The topological entropy of a subshift is
Let be a finite set, and let be a probability measure on . Then the entropy of is defined as
We will make use of the following basic facts about entropy, which we present without proof. See  for details.
Suppose is a finite set and is a probability measure on . Then
with equality if and only if is uniformly distributed on .
Suppose and are finite sets and is a probability measure on . For , let denote the projection (marginal) of onto . Then for any partition of , it holds that
For a subshift and a measure in , define to be the entropy of with respect to the partition given by :
Then the entropy of the measure is given by
For any subshift , the Variational Principle states that the topological entropy of is the supremum of the measure-theoretic entropies over all , which motivates the following definition.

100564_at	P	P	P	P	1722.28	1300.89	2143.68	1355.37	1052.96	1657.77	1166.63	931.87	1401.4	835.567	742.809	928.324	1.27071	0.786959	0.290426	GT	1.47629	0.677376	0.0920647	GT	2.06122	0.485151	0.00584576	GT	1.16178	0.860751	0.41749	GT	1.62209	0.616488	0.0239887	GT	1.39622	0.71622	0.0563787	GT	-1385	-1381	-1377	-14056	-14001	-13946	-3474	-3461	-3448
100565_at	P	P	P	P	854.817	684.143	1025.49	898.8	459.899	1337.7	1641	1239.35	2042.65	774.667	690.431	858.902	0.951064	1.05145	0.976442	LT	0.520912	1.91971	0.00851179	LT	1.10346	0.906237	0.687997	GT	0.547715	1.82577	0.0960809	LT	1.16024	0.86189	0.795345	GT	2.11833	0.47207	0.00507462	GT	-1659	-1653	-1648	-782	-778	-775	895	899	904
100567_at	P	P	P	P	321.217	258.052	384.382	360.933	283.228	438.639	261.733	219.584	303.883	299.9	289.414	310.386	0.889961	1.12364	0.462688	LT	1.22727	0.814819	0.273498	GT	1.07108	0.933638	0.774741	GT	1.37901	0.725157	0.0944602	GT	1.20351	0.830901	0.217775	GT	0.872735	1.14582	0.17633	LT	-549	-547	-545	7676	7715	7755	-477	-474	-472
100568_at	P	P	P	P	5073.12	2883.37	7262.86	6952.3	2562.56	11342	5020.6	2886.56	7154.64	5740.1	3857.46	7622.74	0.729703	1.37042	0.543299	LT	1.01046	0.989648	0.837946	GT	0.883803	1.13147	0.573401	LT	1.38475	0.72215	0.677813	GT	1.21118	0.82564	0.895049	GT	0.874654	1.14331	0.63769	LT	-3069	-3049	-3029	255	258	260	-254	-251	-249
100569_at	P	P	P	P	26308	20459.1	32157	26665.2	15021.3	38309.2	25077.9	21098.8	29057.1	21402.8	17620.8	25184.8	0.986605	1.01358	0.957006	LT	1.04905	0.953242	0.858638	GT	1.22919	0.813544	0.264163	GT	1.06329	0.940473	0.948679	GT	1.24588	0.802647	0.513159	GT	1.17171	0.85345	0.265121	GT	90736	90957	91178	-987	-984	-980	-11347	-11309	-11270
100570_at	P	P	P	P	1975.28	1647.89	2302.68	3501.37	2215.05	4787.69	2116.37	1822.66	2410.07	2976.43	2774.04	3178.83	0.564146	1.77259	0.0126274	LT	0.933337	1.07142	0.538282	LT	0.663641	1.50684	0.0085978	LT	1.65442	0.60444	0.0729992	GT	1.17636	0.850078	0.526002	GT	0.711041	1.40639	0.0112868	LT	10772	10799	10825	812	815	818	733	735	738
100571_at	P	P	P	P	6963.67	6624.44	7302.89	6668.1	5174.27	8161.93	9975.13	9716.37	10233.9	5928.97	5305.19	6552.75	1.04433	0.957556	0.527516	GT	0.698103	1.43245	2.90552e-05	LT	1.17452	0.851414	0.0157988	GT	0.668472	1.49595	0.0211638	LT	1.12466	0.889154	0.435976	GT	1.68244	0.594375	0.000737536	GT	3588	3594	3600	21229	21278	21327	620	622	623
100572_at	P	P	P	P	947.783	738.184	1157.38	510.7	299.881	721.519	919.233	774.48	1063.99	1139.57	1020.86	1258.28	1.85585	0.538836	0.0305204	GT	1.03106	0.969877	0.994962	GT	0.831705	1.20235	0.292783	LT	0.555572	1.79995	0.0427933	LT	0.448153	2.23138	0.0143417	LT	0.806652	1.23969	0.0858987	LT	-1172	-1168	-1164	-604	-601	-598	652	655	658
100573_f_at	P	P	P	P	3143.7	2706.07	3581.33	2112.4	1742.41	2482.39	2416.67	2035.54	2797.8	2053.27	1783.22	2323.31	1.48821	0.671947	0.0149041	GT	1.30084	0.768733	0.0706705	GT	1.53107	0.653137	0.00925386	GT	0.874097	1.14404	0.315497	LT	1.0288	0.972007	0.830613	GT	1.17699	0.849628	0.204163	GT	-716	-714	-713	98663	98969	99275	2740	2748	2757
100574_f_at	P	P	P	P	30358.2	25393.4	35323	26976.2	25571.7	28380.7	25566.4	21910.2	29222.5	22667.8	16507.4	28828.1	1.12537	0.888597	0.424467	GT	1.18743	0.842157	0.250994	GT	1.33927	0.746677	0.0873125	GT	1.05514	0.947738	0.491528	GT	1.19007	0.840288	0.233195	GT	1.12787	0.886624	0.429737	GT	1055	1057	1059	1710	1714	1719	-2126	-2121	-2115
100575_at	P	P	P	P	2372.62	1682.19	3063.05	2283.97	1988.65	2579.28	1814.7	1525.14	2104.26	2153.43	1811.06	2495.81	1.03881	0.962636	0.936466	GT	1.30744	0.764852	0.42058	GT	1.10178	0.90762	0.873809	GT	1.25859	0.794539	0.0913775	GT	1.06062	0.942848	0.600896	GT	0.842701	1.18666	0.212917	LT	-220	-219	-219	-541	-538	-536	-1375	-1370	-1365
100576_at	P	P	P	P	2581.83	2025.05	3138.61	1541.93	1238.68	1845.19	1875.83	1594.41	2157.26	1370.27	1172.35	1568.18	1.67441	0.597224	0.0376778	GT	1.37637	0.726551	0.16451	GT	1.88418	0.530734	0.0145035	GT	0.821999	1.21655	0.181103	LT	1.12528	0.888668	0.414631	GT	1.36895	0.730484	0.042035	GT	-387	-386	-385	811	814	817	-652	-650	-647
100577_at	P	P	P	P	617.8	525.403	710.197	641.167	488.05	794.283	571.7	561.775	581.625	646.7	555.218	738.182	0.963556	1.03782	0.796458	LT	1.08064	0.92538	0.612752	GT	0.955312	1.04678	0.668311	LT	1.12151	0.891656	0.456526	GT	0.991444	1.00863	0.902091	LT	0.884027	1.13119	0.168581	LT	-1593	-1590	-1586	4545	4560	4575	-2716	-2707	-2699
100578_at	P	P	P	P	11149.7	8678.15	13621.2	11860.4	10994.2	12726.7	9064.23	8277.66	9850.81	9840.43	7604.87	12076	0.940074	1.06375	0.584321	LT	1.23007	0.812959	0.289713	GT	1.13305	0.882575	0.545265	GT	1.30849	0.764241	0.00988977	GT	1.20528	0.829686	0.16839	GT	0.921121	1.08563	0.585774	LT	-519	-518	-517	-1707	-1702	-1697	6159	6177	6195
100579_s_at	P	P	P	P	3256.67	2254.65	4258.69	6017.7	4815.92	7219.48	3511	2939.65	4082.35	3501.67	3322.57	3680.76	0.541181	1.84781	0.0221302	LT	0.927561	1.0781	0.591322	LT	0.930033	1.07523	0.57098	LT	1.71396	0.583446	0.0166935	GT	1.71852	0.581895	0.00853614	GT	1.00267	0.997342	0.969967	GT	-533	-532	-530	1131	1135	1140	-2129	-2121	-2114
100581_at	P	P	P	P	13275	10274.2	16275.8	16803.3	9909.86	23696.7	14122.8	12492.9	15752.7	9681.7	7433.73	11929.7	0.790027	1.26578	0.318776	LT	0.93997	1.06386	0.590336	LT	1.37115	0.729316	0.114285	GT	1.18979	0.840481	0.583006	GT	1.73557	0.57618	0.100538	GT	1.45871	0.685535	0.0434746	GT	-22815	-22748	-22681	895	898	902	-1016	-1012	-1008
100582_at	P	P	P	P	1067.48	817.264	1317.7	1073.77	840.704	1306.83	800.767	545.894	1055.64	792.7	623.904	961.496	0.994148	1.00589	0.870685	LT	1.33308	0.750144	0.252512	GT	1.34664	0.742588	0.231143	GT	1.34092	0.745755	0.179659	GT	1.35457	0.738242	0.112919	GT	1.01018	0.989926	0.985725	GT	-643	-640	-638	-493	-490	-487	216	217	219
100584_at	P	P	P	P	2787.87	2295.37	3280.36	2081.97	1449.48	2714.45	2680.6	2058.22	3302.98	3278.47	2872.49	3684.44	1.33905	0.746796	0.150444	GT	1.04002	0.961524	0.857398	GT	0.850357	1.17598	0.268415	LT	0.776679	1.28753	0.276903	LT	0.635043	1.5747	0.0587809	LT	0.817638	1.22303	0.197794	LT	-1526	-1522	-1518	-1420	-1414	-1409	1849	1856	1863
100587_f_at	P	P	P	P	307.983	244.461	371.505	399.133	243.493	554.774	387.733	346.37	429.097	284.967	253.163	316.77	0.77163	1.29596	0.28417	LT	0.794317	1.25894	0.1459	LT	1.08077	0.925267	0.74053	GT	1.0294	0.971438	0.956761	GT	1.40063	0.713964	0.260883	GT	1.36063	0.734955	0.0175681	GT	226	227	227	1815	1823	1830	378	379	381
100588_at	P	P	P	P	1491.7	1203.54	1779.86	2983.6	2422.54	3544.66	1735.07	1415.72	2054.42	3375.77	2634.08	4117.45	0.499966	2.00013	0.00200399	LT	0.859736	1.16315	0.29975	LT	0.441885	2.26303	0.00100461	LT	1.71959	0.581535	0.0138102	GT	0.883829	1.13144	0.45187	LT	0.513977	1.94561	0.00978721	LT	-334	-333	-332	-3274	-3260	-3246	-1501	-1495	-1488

For any subshift , any measure for which is called a measure of maximal entropy for .
For general topological systems the supremum may not be achieved; nonetheless, every subshift has at least one measure of maximal entropy; see  for a proof. It is natural to wonder when a subshift has a single such measure, which motivates the following definition (, ).
A subshift is said to be intrinsically ergodic if it has exactly one measure of maximal entropy.
We now turn to the mixing condition that appears in Theorem 1.1.
A subshift has the D*-condition if for any there exists with the property that for any , there exists such that and .